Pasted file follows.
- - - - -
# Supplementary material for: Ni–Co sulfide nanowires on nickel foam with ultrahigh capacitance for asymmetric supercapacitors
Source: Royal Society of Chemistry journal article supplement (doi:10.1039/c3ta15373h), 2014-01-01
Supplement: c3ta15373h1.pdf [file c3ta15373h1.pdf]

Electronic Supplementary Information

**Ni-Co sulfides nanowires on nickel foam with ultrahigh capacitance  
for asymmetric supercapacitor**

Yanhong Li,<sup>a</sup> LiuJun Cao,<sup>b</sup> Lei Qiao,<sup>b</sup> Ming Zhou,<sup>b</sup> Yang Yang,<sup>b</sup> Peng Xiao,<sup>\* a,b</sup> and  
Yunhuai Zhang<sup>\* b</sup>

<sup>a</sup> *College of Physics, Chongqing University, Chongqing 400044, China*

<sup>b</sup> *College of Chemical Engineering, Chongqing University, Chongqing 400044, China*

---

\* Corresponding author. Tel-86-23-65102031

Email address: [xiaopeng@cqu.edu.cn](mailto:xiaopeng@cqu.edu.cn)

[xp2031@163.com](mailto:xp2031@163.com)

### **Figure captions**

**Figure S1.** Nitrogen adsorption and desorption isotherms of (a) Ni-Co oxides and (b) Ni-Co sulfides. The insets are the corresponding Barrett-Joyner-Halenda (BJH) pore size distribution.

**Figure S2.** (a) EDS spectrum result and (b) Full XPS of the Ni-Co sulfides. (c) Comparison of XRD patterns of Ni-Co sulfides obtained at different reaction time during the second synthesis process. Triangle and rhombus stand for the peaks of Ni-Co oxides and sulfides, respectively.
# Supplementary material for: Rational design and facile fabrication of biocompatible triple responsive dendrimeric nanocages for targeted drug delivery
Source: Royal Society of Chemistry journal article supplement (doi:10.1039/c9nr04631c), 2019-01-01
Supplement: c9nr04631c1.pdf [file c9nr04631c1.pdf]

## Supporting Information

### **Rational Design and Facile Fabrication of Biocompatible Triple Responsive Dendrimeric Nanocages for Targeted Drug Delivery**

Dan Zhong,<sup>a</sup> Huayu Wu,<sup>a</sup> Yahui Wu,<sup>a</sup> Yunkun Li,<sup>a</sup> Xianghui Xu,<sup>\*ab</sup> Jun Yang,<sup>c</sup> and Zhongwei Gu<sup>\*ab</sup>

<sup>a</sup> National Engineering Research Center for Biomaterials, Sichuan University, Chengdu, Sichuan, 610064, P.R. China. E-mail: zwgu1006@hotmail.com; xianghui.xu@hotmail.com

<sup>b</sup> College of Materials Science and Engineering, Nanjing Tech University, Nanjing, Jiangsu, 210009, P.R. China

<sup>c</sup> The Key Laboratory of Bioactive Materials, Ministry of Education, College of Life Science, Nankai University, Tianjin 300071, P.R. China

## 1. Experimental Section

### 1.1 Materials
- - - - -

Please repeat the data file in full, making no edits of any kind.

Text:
# Supplementary material for: Ni–Co sulfide nanowires on nickel foam with ultrahigh capacitance for asymmetric supercapacitors
Source: Royal Society of Chemistry journal article supplement (doi:10.1039/c3ta15373h), 2014-01-01
Supplement: c3ta15373h1.pdf [file c3ta15373h1.pdf]

Electronic Supplementary Information

**Ni-Co sulfides nanowires on nickel foam with ultrahigh capacitance  
for asymmetric supercapacitor**

Yanhong Li,<sup>a</sup> LiuJun Cao,<sup>b</sup> Lei Qiao,<sup>b</sup> Ming Zhou,<sup>b</sup> Yang Yang,<sup>b</sup> Peng Xiao,<sup>\* a,b</sup> and  
Yunhuai Zhang<sup>\* b</sup>

<sup>a</sup> *College of Physics, Chongqing University, Chongqing 400044, China*

<sup>b</sup> *College of Chemical Engineering, Chongqing University, Chongqing 400044, China*

---

\* Corresponding author. Tel-86-23-65102031

Email address: [xiaopeng@cqu.edu.cn](mailto:xiaopeng@cqu.edu.cn)

[xp2031@163.com](mailto:xp2031@163.com)

### **Figure captions**

**Figure S1.** Nitrogen adsorption and desorption isotherms of (a) Ni-Co oxides and (b) Ni-Co sulfides. The insets are the corresponding Barrett-Joyner-Halenda (BJH) pore size distribution.

**Figure S2.** (a) EDS spectrum result and (b) Full XPS of the Ni-Co sulfides. (c) Comparison of XRD patterns of Ni-Co sulfides obtained at different reaction time during the second synthesis process. Triangle and rhombus stand for the peaks of Ni-Co oxides and sulfides, respectively.
# Supplementary material for: Rational design and facile fabrication of biocompatible triple responsive dendrimeric nanocages for targeted drug delivery
Source: Royal Society of Chemistry journal article supplement (doi:10.1039/c9nr04631c), 2019-01-01
Supplement: c9nr04631c1.pdf [file c9nr04631c1.pdf]

## Supporting Information

### **Rational Design and Facile Fabrication of Biocompatible Triple Responsive Dendrimeric Nanocages for Targeted Drug Delivery**

Dan Zhong,<sup>a</sup> Huayu Wu,<sup>a</sup> Yahui Wu,<sup>a</sup> Yunkun Li,<sup>a</sup> Xianghui Xu,<sup>\*ab</sup> Jun Yang,<sup>c</sup> and Zhongwei Gu<sup>\*ab</sup>

<sup>a</sup> National Engineering Research Center for Biomaterials, Sichuan University, Chengdu, Sichuan, 610064, P.R. China. E-mail: zwgu1006@hotmail.com; xianghui.xu@hotmail.com

<sup>b</sup> College of Materials Science and Engineering, Nanjing Tech University, Nanjing, Jiangsu, 210009, P.R. China

<sup>c</sup> The Key Laboratory of Bioactive Materials, Ministry of Education, College of Life Science, Nankai University, Tianjin 300071, P.R. China

## 1. Experimental Section

### 1.1 Materials